On one hand, Boehner doesn't like the idea of placing timeline or benchmark restrictions on the Democrat's $124 billion emergency war funding appropriation. "We don't even have all of the 30,000 additional troops in Iraq yet, so we're supporting the president," Boehner says. "We want this [surge] plan to have a chance of succeeding.''
But Boehner's hedging his bets. "By the time we get to September or October, members are going to want to know how well this is working, and if it isn't, what's Plan B?''
In March 2007, a group of governors met with Mr. Bush and Joint Chiefs of Staff chairman Peter Pace and asked about the backup Iraq strategy. What if the so-called "surge" plan didn't work? "I'm a Marine," Pace told them, "and Marines don't talk about failure. They talk about victory."
As Governor Phil Bredesen (D-Tenn.) recalled the discussion, "Plan B was to make Plan A work."
There's a very good reason why no one in the Bush constellation wants to talk about Plan B. Plan B would look very much like the "redeployment" plan that Representative John Murtha (D-Pennsylvania) proposed in November 2005.
Of Murtha's proposals, Boehner has said, "While American troops are fighting radical Islamic terrorists thousands of miles away, it is unthinkable that the United States Congress would move to discredit their mission, cut off their reinforcements and deny them the resources they need to succeed and return home safely."
Boehner has also characterized proposed Democratic withdrawal timelines as "surrender dates."
And yet now, Boehner is asking what Plan B might be. House Democratic Caucus Chairman Rahm Emanuel of Illinois said Boehner's concern "has less to do with the troops coming home, and has everything to do with his fear that House Republicans will be sent home.''
Methinks Mr. Boehner is trying to develop a taste for crow pie.
The 25 Percent Solution
In March 2007, Senator Gordon Smith (R-Oregon), once a steadfast supporter of Mr. Bush's Iraq policies, said he could no longer support "tactics that don't equal victory." He also said that General David Petraeus, the new U.S. commander in Iraq, confided that the troop surge only has a one in four chance of succeeding.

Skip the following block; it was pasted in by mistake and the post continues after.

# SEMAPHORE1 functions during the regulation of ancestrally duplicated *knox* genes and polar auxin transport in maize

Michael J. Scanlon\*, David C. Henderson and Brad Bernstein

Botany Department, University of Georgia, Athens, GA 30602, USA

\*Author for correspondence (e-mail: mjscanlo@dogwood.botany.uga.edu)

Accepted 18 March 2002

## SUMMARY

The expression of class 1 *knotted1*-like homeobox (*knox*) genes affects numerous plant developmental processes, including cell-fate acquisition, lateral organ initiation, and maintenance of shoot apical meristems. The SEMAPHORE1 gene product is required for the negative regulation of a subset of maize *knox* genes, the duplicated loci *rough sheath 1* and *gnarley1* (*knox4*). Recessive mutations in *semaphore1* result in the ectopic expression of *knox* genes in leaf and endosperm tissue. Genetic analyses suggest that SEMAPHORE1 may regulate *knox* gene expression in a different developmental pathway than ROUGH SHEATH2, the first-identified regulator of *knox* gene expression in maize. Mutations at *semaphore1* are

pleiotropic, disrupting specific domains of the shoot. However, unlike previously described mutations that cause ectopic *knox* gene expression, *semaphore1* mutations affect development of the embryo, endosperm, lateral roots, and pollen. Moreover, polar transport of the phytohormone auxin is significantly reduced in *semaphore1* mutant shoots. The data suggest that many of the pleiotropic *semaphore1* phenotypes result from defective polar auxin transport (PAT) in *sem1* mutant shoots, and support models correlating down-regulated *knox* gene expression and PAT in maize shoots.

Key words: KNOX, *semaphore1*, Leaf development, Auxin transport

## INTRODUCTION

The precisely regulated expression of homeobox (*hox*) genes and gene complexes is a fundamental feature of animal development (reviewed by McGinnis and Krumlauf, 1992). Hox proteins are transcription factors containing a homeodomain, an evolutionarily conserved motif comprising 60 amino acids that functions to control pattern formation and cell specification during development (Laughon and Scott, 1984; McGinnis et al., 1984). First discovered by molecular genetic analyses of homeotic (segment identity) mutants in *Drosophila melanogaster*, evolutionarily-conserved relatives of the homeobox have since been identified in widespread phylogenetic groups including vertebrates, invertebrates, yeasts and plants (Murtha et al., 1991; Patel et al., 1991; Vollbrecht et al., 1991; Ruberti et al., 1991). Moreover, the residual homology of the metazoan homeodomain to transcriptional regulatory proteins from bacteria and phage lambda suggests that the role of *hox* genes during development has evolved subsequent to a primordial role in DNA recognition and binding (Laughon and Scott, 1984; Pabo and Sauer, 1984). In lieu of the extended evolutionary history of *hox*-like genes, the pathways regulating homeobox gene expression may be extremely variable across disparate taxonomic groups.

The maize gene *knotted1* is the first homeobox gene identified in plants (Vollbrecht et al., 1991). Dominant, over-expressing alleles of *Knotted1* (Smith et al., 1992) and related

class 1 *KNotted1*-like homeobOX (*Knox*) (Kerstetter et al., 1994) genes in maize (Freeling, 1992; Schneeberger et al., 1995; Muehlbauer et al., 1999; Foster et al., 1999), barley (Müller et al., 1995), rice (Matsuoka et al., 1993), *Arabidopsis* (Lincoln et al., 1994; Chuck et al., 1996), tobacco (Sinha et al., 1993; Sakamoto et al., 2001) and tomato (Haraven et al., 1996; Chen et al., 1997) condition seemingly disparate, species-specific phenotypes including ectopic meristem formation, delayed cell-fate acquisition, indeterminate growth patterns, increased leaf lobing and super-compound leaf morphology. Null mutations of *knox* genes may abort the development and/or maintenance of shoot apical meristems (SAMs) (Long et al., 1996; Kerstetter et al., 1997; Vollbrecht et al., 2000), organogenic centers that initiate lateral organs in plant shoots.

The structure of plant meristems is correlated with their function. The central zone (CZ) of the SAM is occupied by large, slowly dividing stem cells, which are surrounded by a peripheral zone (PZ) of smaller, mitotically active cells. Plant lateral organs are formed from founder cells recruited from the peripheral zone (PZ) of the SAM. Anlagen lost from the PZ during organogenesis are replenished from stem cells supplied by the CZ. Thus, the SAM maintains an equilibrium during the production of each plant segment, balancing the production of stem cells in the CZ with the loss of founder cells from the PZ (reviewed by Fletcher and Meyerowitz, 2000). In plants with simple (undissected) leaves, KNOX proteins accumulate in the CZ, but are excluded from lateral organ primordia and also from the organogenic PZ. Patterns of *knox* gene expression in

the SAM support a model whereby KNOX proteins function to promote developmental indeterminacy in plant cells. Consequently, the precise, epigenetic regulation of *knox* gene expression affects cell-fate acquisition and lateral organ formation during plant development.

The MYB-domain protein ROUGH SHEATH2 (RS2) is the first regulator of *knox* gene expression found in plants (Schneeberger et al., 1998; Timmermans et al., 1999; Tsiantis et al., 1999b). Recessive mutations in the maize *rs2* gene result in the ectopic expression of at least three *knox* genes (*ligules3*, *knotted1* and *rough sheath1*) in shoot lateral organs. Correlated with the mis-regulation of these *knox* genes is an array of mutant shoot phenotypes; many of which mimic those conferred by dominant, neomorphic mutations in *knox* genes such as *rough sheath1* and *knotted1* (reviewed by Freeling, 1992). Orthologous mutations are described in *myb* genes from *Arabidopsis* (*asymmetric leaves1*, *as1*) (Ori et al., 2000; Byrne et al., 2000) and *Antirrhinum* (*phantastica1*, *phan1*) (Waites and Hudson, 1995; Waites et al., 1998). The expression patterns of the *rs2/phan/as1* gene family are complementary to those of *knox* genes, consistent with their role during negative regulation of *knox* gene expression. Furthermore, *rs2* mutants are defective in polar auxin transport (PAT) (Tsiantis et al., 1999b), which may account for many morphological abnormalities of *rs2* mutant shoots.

Senator Gordon R. Smith (R-Oregon) said, "Many of my Republican colleagues have been promised they will get a straight story on the surge by September. I won't be the only Republican, or one of two Republicans, demanding a change in our disposition of troops in Iraq at that point. That is very clear to me."
As Jonathan Weisman and Thomas E. Ricks of the Washington Post report, even the most optimistic military officials doubt whether Baghdad will be peaceful by September, but they hope to be able to determine long term trends. (No, I 'm not certain what "long term trends" is supposed to mean. We already have four years worth of trends, and they don't look good.)
Theoretically, though, it shouldn't much matter how things look in September. If September is the deadline, troops should start redeploying. If the surge is working, we don't need to maintain present troop levels. If Petraeus says we need to maintain present troop levels, that means the surge isn't working, in which case it's time to move on to Plan B, which as we discussed earlier will be some sort of redeployment.
Unless, of course, the administration decides on a Plan C that involves further escalation. That sounds a little nutty, perhaps, but I wouldn't rule anything out. Plan C would almost certainly strip Mr. Bush of his remaining support among congressional Republicans who won't want to let their jobs and their party go down with the ship.
My biggest concern is that we avoid the need for a Plan D, a nightmare scenario that William Lind described in March 2007 at Military.com:
America now has an army…of more than 140,000, deep in Persia (which effectively includes Shiite Iraq, despite the ethnic difference). We are propping up a shaky local regime in a civil war. Our local allies are of dubious loyalty, and the surrounding population is not friendly. Our lines of communication, supply and retreat all run south, to Kuwait, through Shiite militia country. They then extend on through the Persian Gulf, which is called that for a reason. If those lines are cut, many of our troops have only one way out…up through Kurdish country and [Turkey] to the coast [of the Mediterranean].
Lind's scenario would be a not at all unlikely sequel to a U.S. attack on Iran. One would think that even the Dick Cheney neocons still in and around the administration understand that, but like I said, don't count anything out.
Ultimately, the timeline debate in Washington was aptly described by House Democratic Caucus Chairman Rahm Emanuel (D-Illinois):
There were always two debates in the debate over timelines to end the war. George W. Bush is hellbent on January 20, 2009, when he walks out of the door, leaving a box stamped "Iraq" for the next president. The Republicans are hellbent on not going through the next election with Iraq tied to their ankles.
Fortunately, I think it's safe to say that the Republicans don't want to face the next election with Iran tied around their necks, either.
Commander Jeff Huber, U.S. Navy (Retired) writes from Virginia Beach, Virginia. Read his commentaries at Pen and Sword.